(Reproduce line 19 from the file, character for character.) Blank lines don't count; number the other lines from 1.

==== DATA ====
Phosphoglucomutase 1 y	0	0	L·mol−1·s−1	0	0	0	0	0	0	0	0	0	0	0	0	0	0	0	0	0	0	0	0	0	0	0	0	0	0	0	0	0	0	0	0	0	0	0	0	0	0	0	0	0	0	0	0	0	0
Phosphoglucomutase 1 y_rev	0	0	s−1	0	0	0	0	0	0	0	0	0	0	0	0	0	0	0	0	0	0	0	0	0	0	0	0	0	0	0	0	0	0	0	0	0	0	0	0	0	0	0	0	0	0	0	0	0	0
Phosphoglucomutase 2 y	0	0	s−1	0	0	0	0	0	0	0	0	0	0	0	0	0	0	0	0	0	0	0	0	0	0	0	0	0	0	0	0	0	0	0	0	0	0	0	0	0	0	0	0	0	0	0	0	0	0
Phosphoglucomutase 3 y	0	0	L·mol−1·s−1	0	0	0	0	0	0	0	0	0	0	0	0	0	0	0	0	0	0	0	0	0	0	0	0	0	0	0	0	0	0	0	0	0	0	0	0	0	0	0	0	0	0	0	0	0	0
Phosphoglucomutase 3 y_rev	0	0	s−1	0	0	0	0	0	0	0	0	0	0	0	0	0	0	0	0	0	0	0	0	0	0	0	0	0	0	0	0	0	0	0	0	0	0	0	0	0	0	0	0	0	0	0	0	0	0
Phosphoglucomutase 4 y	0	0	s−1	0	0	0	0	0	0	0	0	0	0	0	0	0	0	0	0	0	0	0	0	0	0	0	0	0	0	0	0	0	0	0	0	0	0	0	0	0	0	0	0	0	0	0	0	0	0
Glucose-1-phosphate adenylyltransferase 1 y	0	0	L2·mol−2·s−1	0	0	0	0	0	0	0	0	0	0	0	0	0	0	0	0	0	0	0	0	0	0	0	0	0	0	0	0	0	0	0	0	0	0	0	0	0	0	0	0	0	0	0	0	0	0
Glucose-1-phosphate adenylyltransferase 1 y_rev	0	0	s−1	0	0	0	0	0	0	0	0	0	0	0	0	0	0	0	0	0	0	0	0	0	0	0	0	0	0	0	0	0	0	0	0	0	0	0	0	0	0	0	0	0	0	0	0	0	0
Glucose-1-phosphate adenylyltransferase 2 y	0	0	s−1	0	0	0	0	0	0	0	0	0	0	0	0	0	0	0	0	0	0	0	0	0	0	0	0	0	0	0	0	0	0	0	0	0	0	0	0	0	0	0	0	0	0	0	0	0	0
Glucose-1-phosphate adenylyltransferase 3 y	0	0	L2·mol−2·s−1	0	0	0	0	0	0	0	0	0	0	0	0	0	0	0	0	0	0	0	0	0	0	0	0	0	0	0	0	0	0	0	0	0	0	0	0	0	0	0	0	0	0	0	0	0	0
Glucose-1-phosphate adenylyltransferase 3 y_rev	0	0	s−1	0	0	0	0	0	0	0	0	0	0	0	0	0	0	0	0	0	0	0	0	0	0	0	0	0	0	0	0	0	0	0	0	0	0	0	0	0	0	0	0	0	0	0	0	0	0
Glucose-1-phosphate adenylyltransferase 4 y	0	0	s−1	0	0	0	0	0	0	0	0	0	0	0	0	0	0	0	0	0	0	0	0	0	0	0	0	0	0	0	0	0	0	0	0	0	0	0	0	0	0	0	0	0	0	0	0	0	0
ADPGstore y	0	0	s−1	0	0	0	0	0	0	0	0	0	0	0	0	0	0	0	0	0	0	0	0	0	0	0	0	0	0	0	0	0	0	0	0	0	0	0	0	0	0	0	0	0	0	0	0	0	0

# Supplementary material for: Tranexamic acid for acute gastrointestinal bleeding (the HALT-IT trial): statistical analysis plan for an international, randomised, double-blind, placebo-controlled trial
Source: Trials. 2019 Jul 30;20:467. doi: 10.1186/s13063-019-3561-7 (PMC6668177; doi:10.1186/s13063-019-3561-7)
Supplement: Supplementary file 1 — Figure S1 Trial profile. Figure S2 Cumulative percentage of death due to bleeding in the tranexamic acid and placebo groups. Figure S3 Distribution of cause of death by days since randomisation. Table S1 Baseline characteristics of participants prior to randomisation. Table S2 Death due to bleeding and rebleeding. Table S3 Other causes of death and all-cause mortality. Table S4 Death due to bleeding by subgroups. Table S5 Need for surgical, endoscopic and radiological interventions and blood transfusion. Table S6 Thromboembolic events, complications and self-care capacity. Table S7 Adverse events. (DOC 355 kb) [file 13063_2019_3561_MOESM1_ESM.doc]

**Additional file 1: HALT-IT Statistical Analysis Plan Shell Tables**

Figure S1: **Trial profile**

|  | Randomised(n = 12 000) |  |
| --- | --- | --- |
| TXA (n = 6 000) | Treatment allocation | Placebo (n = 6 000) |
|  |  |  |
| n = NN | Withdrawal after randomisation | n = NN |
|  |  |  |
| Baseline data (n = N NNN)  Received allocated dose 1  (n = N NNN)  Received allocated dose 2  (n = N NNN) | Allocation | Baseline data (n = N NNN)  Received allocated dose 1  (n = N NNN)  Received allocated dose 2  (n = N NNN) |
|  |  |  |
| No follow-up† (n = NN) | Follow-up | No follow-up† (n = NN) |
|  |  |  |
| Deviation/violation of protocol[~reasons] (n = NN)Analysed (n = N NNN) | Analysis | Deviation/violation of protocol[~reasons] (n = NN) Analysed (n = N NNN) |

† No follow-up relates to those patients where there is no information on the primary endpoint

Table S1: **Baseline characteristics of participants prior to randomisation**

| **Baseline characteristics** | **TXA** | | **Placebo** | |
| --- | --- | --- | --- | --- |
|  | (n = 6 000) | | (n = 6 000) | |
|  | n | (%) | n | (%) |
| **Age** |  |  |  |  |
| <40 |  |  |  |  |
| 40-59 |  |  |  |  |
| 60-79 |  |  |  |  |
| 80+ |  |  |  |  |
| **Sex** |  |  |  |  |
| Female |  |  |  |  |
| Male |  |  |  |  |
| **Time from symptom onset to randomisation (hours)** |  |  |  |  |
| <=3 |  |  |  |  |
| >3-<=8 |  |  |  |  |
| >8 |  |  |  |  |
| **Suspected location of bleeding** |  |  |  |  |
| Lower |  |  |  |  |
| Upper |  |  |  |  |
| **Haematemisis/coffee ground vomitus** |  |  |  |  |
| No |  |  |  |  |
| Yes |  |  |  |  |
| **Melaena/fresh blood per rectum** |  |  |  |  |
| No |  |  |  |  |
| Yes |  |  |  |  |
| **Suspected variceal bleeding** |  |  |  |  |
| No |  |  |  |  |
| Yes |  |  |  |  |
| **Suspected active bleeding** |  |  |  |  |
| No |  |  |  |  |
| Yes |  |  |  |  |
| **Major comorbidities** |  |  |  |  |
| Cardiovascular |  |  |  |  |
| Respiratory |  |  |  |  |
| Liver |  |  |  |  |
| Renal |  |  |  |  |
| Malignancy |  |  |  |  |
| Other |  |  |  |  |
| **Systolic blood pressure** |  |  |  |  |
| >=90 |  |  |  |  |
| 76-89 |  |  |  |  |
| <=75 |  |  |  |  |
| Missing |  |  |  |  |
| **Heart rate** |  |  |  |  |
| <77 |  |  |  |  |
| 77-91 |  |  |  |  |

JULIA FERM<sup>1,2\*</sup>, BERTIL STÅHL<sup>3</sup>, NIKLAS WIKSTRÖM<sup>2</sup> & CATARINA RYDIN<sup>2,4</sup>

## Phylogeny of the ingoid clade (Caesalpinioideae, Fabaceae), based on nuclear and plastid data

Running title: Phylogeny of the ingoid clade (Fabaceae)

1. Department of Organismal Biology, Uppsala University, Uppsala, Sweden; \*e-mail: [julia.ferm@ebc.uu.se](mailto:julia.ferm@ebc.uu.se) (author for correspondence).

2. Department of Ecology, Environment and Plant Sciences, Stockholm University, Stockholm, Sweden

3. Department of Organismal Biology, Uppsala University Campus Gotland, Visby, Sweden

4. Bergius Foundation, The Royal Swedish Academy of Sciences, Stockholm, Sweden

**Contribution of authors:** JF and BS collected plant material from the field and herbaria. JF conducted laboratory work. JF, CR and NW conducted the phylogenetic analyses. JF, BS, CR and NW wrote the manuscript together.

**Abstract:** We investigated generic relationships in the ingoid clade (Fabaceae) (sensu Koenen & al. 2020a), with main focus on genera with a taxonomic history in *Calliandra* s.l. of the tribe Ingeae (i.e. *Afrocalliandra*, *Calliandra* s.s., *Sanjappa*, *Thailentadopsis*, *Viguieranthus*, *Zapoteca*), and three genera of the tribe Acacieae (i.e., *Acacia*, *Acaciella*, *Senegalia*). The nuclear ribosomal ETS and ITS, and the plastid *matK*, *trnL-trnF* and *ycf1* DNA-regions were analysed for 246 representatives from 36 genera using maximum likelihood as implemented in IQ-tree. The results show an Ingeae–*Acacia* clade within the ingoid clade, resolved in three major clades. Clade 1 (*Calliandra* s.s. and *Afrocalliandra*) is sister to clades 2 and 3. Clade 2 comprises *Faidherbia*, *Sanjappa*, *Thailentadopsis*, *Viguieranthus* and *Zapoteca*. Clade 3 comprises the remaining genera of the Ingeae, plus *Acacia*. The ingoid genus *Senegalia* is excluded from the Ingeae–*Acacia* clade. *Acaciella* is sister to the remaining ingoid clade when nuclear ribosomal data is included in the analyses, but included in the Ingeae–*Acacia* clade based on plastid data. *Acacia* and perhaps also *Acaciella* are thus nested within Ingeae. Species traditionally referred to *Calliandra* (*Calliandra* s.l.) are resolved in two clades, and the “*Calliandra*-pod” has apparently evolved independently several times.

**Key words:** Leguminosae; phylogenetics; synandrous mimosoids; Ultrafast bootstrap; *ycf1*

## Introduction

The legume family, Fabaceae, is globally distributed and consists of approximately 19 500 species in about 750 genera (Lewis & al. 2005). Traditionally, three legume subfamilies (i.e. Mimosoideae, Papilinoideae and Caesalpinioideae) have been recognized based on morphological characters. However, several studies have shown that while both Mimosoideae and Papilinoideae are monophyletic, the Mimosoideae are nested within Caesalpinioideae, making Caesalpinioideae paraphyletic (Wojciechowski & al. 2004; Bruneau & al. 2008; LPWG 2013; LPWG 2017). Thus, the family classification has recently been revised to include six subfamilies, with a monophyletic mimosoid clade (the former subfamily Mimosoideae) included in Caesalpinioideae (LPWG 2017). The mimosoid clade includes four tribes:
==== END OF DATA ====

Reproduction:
|  | Randomised(n = 12 000) |  |